This I Believe

Grace - Salt Lake City, Utah
Entered on December 20, 2007
Age Group: Under 18
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This I Believe

At eight years old I harbored a deep hatred for my pet hermit crab. I loathed everything about this crab. The way it crawled, looked with its bright blue shell, smelled, and my job to clean the cage and give it food and water. One day, my family spent a day out in the garden planting tulip bulbs. Tulips bother me because they don’t immediately grow and are not already in bloom when you plant them. Rather, you get to wait through a long winter until spring to finally see the flower. Suddenly, a brilliant thought occurred to me. What if, like the tulip bulbs, I buried my hermit crab and then watched to see if it “sprung up” after the long winter like the tulips. Immediately I took action. While the crab slept in its cage, I told my mom the crab died. Then, I visited the garden and dug a nice hole for my crab and ceremoniously buried the crab alive. I thought my plan worked perfectly, no more stinky crab to take care of. Unfortunately I was wrong. To my great horror and surprise, when the tulips came up so did that crab! Looking a little worn, I found my crab with the bright blue shell half buried under a bush, alive and crawling. I viewed the crab with disgust and donated it to my little brother. That day I learned that I cannot hide or avoid my responsibilities. Eventually, I believe responsibilities return to be attended to.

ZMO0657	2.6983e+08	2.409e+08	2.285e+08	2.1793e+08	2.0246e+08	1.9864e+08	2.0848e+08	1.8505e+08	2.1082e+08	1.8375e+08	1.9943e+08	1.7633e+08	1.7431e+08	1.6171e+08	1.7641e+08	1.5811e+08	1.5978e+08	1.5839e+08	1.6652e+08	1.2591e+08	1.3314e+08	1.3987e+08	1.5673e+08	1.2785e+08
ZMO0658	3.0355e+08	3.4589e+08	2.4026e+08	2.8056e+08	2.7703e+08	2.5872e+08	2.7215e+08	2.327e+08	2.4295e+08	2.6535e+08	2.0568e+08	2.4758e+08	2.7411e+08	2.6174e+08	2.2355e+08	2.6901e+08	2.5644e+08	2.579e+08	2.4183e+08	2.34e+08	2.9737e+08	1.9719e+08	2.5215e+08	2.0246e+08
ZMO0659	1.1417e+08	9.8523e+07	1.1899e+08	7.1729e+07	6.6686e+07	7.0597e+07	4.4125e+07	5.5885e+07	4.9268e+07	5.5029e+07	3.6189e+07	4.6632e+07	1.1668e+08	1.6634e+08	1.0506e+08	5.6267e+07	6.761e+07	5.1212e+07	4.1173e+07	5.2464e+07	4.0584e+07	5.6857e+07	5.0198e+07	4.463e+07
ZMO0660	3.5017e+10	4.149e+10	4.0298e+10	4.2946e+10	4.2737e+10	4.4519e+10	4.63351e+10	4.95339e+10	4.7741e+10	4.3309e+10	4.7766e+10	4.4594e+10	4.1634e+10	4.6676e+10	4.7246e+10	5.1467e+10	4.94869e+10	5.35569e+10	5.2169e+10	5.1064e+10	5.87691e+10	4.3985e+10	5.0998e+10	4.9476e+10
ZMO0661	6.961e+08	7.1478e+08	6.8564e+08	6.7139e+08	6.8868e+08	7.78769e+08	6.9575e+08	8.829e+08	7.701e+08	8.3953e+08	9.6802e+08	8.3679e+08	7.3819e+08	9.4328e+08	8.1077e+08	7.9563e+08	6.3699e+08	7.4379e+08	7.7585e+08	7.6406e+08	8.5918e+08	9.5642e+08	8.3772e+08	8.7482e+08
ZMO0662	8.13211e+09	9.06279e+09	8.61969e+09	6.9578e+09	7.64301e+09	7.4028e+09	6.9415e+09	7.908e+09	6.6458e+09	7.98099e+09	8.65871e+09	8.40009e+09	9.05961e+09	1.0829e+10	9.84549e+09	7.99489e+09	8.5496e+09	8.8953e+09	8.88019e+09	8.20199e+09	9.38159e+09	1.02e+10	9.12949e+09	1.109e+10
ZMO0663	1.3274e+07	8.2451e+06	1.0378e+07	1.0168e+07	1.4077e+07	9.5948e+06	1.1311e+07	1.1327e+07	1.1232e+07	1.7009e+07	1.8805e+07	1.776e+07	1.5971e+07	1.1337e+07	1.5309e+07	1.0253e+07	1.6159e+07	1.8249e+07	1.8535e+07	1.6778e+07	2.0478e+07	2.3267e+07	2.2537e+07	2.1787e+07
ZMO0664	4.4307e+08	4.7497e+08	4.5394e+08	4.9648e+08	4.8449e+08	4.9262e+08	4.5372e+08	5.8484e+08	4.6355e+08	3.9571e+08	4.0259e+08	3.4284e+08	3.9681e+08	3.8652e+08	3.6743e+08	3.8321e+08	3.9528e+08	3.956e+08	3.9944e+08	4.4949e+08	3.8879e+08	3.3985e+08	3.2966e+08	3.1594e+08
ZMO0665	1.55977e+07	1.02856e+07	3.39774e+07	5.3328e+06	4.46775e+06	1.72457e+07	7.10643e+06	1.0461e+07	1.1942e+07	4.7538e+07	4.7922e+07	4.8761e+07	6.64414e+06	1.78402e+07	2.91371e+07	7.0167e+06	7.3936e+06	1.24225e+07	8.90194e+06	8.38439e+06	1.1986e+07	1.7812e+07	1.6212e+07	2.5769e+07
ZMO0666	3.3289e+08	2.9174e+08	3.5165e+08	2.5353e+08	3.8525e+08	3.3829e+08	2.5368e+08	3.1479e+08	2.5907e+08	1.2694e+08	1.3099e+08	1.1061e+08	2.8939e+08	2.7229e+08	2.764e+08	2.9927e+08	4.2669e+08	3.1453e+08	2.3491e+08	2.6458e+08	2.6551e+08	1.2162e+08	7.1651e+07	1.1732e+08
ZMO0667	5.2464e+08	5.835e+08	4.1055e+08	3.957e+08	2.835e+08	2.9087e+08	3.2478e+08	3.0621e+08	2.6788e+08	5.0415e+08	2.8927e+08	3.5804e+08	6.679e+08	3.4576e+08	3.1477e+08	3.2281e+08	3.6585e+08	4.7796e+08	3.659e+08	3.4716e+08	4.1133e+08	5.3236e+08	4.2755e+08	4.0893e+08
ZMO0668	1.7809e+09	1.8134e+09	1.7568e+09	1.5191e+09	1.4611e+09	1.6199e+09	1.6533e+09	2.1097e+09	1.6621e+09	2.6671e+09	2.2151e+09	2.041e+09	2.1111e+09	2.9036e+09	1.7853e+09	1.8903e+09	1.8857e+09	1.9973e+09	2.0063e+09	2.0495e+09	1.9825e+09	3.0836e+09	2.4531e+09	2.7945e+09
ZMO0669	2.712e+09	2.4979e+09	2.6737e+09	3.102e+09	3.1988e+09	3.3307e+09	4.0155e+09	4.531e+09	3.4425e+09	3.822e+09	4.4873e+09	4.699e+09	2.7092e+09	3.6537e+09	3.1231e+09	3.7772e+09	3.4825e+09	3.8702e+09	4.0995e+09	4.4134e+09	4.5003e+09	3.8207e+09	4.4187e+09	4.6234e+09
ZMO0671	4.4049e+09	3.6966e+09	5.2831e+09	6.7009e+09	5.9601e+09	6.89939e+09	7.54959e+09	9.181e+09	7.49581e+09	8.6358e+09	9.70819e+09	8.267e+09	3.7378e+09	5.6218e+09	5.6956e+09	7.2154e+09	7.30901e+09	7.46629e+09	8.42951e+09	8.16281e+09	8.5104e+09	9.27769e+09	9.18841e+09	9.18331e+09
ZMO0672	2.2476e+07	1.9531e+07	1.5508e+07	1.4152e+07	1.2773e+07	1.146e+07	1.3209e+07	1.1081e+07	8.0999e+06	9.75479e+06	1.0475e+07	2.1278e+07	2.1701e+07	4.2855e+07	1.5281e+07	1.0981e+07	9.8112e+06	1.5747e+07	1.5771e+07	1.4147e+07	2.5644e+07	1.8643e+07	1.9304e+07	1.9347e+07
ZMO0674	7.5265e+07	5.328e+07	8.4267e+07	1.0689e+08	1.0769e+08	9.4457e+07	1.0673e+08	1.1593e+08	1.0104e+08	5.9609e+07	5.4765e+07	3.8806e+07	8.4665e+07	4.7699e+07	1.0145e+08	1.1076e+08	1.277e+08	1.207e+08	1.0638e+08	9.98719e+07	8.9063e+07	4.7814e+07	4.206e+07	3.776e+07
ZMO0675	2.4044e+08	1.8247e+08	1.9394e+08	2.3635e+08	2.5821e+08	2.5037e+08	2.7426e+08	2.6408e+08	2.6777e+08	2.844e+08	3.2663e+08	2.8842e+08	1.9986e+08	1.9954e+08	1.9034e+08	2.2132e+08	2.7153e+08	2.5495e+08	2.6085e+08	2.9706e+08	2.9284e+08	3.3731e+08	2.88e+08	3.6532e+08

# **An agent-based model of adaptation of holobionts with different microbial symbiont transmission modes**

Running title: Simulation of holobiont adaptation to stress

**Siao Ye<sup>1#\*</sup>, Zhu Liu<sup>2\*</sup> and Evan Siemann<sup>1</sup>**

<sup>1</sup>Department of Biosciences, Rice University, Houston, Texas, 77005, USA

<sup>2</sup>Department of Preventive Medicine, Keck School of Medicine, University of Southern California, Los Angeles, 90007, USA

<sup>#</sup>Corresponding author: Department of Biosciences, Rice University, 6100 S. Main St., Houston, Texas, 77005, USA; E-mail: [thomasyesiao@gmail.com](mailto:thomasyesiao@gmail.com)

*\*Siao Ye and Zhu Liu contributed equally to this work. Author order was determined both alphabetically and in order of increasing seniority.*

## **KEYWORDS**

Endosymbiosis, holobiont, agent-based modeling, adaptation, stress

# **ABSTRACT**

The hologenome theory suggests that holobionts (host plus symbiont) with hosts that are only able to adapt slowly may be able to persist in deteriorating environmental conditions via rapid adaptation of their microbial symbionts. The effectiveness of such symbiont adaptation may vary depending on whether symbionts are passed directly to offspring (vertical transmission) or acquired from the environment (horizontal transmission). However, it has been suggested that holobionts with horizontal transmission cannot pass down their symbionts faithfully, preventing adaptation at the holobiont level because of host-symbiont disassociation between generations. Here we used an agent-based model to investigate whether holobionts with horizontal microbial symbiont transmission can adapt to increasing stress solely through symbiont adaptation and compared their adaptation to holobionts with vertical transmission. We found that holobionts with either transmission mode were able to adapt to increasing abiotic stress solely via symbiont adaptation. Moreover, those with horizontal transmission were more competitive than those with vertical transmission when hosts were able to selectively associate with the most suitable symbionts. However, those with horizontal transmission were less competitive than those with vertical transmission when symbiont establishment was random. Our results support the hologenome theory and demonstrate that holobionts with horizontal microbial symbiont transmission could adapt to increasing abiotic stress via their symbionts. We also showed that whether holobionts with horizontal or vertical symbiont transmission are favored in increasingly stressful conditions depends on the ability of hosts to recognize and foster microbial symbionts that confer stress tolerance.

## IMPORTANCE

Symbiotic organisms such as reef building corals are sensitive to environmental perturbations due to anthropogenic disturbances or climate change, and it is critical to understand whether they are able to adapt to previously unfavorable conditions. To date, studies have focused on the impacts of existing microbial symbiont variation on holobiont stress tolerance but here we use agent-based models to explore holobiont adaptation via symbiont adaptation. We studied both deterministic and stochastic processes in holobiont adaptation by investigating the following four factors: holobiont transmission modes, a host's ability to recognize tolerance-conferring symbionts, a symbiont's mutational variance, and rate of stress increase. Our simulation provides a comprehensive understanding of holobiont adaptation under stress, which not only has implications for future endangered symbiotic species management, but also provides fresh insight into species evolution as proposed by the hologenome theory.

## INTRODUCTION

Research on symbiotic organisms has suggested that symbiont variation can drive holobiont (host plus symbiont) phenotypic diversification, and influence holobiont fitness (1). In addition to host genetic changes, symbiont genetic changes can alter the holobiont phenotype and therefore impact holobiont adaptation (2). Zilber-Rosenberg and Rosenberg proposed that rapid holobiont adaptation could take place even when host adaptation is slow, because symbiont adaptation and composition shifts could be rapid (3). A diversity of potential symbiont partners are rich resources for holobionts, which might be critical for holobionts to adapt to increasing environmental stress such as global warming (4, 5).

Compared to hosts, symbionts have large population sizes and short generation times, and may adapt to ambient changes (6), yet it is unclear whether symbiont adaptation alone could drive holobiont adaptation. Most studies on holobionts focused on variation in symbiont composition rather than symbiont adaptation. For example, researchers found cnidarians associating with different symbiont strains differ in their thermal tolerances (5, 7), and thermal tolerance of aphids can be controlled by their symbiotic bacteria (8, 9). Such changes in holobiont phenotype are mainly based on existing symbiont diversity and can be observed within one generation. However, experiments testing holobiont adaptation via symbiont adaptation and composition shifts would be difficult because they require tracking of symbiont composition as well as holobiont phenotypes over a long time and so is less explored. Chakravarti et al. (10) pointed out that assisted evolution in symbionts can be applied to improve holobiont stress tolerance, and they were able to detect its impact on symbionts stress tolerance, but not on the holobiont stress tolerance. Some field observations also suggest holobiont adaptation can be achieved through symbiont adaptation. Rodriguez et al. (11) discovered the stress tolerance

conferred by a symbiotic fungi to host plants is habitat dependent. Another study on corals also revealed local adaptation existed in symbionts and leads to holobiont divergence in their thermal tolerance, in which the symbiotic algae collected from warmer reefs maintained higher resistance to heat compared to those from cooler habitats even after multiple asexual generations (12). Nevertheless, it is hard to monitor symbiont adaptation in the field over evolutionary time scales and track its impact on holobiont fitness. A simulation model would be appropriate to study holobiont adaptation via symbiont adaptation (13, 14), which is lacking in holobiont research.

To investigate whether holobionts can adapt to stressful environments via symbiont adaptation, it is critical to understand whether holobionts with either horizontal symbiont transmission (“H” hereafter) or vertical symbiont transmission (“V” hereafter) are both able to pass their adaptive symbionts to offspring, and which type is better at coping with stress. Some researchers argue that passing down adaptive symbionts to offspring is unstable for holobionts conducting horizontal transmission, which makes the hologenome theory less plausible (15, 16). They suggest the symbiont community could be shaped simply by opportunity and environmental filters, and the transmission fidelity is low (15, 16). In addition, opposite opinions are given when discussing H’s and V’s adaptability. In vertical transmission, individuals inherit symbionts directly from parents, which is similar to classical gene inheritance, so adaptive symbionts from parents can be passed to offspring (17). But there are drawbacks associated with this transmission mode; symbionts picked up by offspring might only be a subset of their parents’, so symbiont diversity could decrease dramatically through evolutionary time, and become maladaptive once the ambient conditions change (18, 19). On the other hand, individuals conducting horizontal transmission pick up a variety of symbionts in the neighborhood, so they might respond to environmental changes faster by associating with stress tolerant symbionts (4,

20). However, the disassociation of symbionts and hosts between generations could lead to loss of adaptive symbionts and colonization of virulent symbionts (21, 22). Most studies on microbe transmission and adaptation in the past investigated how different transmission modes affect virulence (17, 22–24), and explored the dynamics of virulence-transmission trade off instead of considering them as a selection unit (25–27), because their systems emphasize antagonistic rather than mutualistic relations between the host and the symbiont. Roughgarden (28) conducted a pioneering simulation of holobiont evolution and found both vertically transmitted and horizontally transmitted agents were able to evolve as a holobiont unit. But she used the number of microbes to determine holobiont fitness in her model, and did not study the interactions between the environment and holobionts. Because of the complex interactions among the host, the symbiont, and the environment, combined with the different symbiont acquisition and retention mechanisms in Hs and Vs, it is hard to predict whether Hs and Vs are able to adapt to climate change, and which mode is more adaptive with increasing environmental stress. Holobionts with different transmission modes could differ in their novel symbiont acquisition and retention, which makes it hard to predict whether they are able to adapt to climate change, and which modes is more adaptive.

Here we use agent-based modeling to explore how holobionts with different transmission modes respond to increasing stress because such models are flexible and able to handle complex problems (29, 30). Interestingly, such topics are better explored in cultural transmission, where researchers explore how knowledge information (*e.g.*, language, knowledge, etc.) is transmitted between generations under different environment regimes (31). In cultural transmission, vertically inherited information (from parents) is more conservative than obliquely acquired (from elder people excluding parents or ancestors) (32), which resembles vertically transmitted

Later in my life, I tried again to avoid and ignore my responsibilities. For years my family celebrates the tradition of receiving the seasonal flu shot. Traditionally, I do everything in my power to avoid the needle. One year shortly after my 14th birthday, I succeeded in being absent during the family trip to the doctor’s office. My family returned home sore with tacky Band-Aids on their arms. At first, I felt simply delighted with myself. No sore arm, jabbing needle, or itchy band aide. However, as the night progressed I began to feel a little funny and lightheaded. By morning I felt like a zombie. Everything hurt. After my lips turned blue and I started panting my mom took me to the pediatrician who diagnosed me with the flu. Suddenly I found myself in the hospital with an IV in my arm wearing an awkward hospital gown. Now, I look forward to the flu shot with great anticipation and plan the family event.

The fact remains; responsibilities cannot be ignored or in my case buried. They do come back like my crab and tulips in the spring to be dealt with. So, after many attempts at avoidance, I face my responsibilities. I believe in meeting my responsibilities instead of hiding from them. This I believe.